There are many homes in the town where I live that aren’t locked up when nobody is home.

English: A candidate icon for Portal:Computer ...

(Photo credit: Wikipedia)

While in some ways it’s a nice relic of a time and society long gone, I’ve always wondered how people were able to file insurance claims or police reports if they got robbed. After all, they did nothing to protect their privacy other than trusting in the good will of the surrounding community.
Unfortunately, the world out there contains a fair number of evil-doers, and that includes the digital world of the web. Most of us know that, I’m afraid, but I’ve never really been sure how many of us take action to prevent those bad guys from entering our digital homes. Oh sure, maybe we use the pre-installed anti-virus stuff (hopefully with up to the minute virus definitions) but how many people are being proactive about keeping their data doors locked?
The folks from Microsoft released a study yesterday and the answer was surprising, at least to me. You can read the executive summary of and view a slide show about the findings here.  The big ones:

  • Forty-five percent said they feel they have little or no control over the personal information companies gather about them while they are browsing the Web or using online services, such as photo- sharing, travel or gaming.
  • Forty percent said they feel they ”mostly” or “totally understand” how to protect their online privacy.
  • An equal number of people (39 percent) said they are turning to friends and family, as well as privacy statements, as their top source for privacy information.
  • Almost a third of those surveyed (32 percent) said they always consider a company’s privacy reputation, track records, and policies when choosing which websites to visit or services to use.

OK, a lot of people get that they’re being tracked and not always for benign purposes, so surprisingly (to me, at lesast) they’re taking action. When asked what, if any, actions respondents had taken to protect the privacy of their online data, the vast majority (85%) report that they had actively taken steps. The most common action reported was the deletion of cookies that may be used to record and track online behavior.

I think this is good news –  locked doors keep the crime rate in our little digital town down.  Of course, it also means that any of us who want to be invited in to consumers’ cookie caches need to play nice.  That means have a clear privacy policy, explain how and if we’re using the data, and make sure that users read and understand what we’re doing.  Otherwise, we’ll have to break in to steal that information, and I think we all know where that can land us.  Regulatory bodies worldwide are already considering harsh and cumbersome rules and we know that they’ll probably get something wrong.  It’s on the industry to get ahead of this and to behave, encouraging people to take charge – lock their doors – and make it simple to do so.

Are you locking your data door?  Who are you letting in and why?

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Keeping It To Yourself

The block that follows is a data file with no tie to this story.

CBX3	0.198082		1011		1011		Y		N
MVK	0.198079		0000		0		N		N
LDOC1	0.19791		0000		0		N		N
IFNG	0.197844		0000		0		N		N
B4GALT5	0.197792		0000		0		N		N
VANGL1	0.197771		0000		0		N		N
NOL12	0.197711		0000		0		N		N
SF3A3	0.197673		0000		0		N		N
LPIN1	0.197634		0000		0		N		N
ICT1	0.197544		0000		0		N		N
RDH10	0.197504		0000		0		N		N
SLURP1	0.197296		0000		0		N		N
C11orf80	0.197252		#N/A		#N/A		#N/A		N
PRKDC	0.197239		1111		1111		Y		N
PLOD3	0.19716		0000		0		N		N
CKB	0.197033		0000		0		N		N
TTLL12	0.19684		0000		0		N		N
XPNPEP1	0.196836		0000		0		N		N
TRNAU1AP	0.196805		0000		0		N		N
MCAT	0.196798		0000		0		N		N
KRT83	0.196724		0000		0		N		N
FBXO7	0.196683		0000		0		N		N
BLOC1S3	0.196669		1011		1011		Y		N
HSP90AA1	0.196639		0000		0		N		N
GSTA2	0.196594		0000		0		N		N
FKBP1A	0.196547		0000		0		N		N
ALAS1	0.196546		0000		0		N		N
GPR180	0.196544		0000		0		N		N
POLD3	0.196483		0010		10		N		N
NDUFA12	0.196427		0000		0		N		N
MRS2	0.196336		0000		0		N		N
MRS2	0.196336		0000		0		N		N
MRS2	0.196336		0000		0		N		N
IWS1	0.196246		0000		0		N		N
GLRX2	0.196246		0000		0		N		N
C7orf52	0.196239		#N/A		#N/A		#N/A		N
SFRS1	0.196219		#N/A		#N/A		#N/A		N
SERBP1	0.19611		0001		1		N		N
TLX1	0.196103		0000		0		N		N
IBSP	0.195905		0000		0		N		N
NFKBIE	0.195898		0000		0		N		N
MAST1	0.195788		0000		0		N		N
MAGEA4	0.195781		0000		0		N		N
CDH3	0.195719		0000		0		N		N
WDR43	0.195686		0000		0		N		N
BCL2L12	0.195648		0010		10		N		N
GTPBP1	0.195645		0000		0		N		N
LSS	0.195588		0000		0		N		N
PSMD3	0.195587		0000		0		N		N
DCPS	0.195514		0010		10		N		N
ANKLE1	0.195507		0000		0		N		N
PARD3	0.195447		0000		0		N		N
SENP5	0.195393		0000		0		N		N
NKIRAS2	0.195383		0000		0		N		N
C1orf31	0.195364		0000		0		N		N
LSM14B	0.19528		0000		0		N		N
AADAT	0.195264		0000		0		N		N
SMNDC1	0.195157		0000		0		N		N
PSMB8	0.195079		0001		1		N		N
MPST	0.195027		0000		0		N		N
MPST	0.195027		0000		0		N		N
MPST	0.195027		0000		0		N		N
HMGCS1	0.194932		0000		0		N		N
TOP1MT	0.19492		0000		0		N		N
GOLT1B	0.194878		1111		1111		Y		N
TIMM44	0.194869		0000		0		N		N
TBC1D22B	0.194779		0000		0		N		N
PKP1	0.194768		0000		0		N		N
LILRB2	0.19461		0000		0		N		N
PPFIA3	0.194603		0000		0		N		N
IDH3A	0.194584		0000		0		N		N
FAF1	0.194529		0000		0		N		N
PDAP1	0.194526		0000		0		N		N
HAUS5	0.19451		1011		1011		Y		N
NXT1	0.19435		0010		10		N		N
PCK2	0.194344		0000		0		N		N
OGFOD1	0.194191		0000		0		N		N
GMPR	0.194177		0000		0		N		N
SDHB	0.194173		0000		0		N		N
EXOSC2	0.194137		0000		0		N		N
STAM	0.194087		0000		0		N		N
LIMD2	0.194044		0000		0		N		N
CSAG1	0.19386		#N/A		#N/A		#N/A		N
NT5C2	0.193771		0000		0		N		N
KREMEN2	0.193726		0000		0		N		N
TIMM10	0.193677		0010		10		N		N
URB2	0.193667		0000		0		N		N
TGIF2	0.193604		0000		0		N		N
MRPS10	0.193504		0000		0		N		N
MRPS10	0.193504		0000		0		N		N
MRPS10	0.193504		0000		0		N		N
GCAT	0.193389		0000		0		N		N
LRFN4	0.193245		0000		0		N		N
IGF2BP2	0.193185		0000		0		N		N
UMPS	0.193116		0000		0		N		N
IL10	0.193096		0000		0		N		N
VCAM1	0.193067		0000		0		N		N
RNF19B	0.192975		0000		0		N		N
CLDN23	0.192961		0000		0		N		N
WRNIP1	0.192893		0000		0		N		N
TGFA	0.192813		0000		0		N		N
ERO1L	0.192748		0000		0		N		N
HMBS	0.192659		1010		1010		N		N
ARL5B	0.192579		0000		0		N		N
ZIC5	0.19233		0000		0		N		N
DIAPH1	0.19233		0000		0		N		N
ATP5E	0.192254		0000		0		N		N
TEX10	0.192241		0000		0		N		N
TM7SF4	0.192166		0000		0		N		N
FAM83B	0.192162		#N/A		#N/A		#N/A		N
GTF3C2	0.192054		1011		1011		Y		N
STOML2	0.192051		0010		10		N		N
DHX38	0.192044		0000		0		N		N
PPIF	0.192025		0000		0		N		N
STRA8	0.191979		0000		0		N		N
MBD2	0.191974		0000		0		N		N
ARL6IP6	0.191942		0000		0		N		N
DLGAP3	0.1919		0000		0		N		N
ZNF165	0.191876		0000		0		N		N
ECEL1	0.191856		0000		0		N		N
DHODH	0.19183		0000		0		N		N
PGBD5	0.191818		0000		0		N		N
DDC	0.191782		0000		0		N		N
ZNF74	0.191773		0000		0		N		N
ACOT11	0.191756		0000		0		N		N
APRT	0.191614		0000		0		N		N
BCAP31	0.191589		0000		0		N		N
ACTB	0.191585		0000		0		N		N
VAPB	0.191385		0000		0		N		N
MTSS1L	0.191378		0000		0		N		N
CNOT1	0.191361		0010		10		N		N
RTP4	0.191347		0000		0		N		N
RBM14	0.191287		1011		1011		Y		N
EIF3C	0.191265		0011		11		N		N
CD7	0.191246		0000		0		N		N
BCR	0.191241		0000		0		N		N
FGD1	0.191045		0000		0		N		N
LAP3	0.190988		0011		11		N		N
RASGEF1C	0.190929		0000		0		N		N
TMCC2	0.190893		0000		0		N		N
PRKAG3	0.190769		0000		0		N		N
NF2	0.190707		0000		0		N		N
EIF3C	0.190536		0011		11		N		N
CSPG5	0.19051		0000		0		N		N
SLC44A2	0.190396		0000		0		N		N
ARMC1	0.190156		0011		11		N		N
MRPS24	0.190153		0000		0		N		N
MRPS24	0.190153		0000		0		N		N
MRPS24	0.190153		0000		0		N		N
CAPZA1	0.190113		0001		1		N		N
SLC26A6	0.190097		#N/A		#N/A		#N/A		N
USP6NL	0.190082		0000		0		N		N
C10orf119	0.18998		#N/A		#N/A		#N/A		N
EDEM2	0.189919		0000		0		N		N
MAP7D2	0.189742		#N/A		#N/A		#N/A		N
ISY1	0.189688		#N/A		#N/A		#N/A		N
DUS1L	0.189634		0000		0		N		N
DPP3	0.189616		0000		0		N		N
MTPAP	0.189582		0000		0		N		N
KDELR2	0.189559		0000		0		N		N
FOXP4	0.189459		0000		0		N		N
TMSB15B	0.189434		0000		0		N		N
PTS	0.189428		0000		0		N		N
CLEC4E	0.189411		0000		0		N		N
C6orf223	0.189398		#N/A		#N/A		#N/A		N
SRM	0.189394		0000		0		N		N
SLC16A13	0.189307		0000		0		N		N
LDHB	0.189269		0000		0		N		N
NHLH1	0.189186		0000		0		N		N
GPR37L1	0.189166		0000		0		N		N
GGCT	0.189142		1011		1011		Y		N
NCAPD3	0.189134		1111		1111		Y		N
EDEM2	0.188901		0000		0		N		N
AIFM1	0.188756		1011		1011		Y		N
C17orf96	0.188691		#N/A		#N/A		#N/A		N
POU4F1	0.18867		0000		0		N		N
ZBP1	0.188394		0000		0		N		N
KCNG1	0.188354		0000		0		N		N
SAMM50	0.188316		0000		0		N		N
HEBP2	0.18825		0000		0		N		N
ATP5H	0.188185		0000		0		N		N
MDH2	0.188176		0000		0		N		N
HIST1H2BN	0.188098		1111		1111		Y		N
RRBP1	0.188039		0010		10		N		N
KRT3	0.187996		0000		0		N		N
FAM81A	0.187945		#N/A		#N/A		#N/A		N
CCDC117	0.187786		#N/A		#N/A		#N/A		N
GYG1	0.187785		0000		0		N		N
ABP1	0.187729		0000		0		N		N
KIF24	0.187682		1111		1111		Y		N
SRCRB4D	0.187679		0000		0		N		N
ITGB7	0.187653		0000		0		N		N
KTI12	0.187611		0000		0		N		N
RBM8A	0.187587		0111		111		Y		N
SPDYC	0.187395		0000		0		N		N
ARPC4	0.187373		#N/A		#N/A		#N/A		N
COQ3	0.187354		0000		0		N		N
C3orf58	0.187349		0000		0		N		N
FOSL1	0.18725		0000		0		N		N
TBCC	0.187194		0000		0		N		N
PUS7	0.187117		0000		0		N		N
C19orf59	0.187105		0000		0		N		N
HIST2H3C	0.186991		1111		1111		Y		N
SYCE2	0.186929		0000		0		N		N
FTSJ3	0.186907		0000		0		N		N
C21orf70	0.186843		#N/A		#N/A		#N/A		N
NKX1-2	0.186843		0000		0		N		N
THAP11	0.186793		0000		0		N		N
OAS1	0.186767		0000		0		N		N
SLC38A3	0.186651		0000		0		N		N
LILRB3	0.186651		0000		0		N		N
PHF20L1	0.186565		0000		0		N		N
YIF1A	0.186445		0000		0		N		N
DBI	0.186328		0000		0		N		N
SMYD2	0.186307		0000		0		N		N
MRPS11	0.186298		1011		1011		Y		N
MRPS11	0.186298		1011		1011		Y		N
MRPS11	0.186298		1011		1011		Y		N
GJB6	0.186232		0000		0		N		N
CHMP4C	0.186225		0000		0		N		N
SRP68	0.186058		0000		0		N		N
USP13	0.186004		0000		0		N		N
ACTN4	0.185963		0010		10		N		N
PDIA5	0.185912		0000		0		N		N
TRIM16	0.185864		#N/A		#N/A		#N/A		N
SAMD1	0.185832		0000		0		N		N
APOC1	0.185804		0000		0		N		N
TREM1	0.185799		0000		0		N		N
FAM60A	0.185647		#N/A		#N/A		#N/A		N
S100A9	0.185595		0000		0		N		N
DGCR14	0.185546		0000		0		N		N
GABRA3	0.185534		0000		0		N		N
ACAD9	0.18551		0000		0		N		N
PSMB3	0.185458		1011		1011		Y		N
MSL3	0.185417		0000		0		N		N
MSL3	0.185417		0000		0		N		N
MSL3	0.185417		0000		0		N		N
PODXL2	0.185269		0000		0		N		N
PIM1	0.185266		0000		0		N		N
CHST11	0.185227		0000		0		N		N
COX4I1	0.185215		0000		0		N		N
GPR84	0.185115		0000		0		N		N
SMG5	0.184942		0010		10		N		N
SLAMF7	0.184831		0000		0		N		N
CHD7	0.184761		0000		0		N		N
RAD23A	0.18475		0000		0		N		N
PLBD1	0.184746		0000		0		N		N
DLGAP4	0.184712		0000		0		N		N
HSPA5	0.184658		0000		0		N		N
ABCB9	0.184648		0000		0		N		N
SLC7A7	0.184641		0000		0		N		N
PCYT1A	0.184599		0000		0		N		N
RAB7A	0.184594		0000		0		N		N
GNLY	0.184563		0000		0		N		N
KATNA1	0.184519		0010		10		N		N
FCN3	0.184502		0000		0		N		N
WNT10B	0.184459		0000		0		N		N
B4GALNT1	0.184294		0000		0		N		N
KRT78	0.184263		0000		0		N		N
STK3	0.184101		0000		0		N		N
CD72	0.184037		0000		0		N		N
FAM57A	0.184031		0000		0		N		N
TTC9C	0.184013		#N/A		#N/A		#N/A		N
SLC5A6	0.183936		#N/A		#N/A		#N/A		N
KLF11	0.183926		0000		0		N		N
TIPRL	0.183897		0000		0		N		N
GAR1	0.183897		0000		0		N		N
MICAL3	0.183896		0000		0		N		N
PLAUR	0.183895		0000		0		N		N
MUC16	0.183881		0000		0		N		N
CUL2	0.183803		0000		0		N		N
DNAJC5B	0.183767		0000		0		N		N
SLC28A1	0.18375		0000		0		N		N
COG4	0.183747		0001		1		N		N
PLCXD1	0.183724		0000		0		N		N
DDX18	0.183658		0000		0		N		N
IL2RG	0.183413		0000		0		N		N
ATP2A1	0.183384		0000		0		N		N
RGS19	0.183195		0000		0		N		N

We have discussed privacy here on the screed several times. During many of those rants I talked about how companies need to think about their privacy policies (and being transparent about it is a great start) and how those policies will play with the folks whose data the companies are using. My theory is that young people have never really had any privacy (mostly due to hovering parents) and they’re less concerned about the issue than are people of my generation. However, there are netizens of every age who do care, and I suspect that as the “creepy” factor of ads following you around grows due to retargeting, etc., more people will begin to look into what data they’re sharing with the web overlords and how that data is used.

If you care or if you wonder if you should, the folks at Privacy Choice will be of interest to you.  Their research reveals that 20% of sites and apps reserve the right to share personal data freely for commercial purposes. Also, 60% of website privacy policies do not provide any written assurance that users can delete their personal data at the end of the relationship:

The most critical component of a privacy policy governs how a website or app handles personal data, which increasingly includes not only email addresses but also profile and other more intimate personal information gathered through social network integration…Nearly two-thirds of all policies examined (63%) provide assurance that personal data generally will not be shared with other companies, while another 10% promise not to share personal data for “marketing purposes.” However, one in five sites provide no assurance against sharing personal data with other companies.

If you are interested, I urge you to install their Privacyfix tool and the browser extension.  You can check a site’s tracking using this tool.  The results can be eye-opening.  It’s becoming obvious that companies are counting on us to take control if that’s what we want.  What do you think?